Global Religious Translation in the Early Modern Period
6-8 June 2019 / Gotha Research Centre of the University of Erfurt
Confirmed Speakers: Peter Burke, R. Po-chia Hsia
Translation is always a shift not between two languages, but between two cultures.– Umberto Eco
All of the major cultural exchanges in history required translation – the Renaissance, the Reformation and the Enlightenment are obvious examples. Yet Translation Studies have been little interested in history and most historians still treat translation as an invisible given, as if a translated text were “the same” as the original. Recently, scholars such as Peter Burke and R. Po-chia Hsia have urged increased study of the role of translation in cultural encounters in the Early Modern period. They point in particular to the need for studies on religious translation, since translators do not just translate linguistic items but religion itself.
In 2017 a conference at the Research Centre Gotha sought to answer this call by Burke and Hsia by focusing on the translations, transformations and adaptations of religious texts across cultural and national boundaries in the Early Modern period. The conference was highly productive, but focused mainly on exchange between different European actors. Now, a new conference is being planned to expand the boundaries of the first conference. We are especially interested in papers dealing with interactions involving non-European or non-Christian actors: What negotiations and compromises did translators make? What did they translate and what did they omit? How did they transform meaning through interventions, abridgements, or amplifications? Did these transformations amount to misunderstandings or could they be perceived as enrichments? How did translators make material familiar or attractive for recipients? How did they “translate” material into visual art or into other contexts, such as natural philosophy? Did translations result in new practices or rituals? Why were certain texts or ideas interesting to a certain culture or sub-culture at a given time? How did international religious exchange contribute to early forms of globalization?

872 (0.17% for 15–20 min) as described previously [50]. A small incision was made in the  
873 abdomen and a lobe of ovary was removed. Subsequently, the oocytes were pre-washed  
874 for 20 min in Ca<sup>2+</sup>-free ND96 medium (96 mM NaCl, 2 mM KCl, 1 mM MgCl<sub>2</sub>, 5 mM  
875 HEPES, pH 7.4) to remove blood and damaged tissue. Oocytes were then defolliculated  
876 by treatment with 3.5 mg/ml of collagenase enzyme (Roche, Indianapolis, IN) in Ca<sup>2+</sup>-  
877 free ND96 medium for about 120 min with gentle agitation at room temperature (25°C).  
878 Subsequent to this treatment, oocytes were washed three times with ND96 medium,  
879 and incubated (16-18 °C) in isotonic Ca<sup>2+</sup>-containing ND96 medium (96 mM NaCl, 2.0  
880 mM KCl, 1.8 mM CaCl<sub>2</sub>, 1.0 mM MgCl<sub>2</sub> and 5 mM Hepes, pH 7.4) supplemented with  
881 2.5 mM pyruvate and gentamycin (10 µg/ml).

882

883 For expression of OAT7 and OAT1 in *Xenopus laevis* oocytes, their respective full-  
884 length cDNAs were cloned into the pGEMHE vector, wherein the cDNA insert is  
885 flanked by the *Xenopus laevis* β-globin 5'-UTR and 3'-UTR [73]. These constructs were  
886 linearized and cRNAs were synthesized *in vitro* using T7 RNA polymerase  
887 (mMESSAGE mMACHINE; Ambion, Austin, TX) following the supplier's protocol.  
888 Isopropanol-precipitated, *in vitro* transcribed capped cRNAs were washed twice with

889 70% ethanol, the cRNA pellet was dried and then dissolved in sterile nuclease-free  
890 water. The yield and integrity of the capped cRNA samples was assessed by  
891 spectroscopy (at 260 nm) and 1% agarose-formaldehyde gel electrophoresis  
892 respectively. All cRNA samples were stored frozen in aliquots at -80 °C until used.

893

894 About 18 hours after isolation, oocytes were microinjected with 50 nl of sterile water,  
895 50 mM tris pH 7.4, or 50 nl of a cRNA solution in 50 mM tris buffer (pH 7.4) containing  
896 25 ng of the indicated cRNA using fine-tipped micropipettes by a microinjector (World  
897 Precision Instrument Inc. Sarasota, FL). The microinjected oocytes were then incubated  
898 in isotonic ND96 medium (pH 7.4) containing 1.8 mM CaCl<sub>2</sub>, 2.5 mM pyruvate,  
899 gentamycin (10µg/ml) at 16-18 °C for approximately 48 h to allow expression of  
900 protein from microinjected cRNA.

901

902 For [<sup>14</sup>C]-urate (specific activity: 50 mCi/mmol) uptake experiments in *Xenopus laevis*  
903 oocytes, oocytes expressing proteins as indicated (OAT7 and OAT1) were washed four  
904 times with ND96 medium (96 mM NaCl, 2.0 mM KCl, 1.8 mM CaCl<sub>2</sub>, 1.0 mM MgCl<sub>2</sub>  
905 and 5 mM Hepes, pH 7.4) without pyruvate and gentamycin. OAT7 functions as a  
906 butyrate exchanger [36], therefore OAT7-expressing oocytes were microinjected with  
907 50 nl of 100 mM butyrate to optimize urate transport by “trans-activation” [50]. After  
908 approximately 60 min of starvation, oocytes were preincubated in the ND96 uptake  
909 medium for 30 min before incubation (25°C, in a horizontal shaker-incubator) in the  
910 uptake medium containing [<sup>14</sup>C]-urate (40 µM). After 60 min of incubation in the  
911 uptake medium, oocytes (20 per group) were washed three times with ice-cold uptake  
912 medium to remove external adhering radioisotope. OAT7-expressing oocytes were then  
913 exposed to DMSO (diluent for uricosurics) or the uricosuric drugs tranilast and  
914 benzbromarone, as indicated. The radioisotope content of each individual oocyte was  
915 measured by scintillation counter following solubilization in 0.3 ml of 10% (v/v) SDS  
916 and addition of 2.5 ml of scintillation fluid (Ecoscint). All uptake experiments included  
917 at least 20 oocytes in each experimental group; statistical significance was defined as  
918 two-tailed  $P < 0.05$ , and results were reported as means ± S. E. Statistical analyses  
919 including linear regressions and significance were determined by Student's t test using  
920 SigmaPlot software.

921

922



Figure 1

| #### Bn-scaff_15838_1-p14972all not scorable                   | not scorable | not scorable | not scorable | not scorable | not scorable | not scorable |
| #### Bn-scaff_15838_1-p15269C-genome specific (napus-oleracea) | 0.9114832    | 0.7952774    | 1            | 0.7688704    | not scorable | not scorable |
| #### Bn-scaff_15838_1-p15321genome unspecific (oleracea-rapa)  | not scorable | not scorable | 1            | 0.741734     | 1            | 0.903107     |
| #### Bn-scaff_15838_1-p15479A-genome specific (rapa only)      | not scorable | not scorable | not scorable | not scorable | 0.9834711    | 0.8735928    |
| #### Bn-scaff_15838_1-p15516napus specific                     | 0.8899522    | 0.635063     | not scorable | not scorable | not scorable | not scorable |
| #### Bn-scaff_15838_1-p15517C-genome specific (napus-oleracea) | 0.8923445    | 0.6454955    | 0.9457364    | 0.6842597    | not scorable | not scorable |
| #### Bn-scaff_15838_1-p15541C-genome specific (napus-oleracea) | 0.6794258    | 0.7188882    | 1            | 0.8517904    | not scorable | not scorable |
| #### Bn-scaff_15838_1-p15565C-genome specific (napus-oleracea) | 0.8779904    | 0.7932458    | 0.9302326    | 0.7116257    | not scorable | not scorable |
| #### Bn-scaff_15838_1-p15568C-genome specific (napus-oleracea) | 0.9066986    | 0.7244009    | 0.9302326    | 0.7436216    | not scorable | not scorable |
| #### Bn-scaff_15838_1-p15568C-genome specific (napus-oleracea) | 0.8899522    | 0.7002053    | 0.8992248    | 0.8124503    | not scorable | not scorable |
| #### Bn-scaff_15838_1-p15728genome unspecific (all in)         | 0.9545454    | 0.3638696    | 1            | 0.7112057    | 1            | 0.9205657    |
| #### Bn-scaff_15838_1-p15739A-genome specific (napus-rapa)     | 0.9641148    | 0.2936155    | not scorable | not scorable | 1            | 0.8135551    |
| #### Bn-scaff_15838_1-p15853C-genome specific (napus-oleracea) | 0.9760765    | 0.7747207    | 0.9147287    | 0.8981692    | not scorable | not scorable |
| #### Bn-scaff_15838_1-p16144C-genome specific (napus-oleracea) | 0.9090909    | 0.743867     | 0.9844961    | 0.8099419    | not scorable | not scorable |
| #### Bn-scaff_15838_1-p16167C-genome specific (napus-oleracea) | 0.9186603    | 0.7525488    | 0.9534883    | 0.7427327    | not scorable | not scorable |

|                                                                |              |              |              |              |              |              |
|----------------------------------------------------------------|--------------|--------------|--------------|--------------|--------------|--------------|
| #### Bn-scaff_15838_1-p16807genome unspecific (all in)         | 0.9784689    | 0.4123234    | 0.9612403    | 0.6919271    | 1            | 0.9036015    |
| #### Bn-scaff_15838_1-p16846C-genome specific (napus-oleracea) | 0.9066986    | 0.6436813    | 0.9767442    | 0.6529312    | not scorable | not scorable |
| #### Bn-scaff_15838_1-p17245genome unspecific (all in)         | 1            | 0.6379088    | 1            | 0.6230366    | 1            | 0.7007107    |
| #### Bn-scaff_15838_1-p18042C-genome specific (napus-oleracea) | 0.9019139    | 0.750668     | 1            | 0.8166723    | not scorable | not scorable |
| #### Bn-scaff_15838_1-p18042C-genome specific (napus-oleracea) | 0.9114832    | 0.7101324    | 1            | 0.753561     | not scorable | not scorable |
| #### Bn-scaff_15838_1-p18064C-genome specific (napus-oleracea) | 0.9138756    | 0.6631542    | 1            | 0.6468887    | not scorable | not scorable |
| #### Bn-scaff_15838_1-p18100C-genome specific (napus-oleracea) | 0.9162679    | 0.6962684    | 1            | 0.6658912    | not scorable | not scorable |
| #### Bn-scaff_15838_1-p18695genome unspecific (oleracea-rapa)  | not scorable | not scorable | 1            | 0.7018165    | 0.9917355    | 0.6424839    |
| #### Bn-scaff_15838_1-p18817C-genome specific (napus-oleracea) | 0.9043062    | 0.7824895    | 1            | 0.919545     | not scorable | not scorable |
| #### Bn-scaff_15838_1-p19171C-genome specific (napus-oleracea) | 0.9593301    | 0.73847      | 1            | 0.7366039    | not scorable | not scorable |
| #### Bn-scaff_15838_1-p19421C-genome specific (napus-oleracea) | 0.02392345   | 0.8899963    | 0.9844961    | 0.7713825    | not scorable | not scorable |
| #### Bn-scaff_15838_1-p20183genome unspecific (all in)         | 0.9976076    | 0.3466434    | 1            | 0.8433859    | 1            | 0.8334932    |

Religious translations served individuals and communities in a variety of ways, from missionizing to polemical purposes to the defense of persecuted minorities and beyond. In some cases, texts underwent multiple translations, often through a “bridge” language and culture. Multiple layers of decontextualisation and recontextualisation created displacements. Translations designed to spread meaning thus also changed it, and indeed, translators’ goals often diverged from those of the original authors, as when Christian scholars repurposed Jewish and Islamic texts to “prove” aspects of Christianity. Religious communities, translators, publishers and patrons thus implemented conscious translation strategies to accomplish their goals, achieving both foreseen and unforeseen shifts in the cultural landscapes of the Early Modern world.
The conference language will be English and an English-language publication is planned to document the proceedings. Lodging and travel will be covered for participants.
Proposals (no more than 600 words) should be sent to the organizer before May 10, 2019: Lucinda.firstname.lastname@example.org
Dr. Lucinda Martin
Research Centre Gotha der Universität Erfurt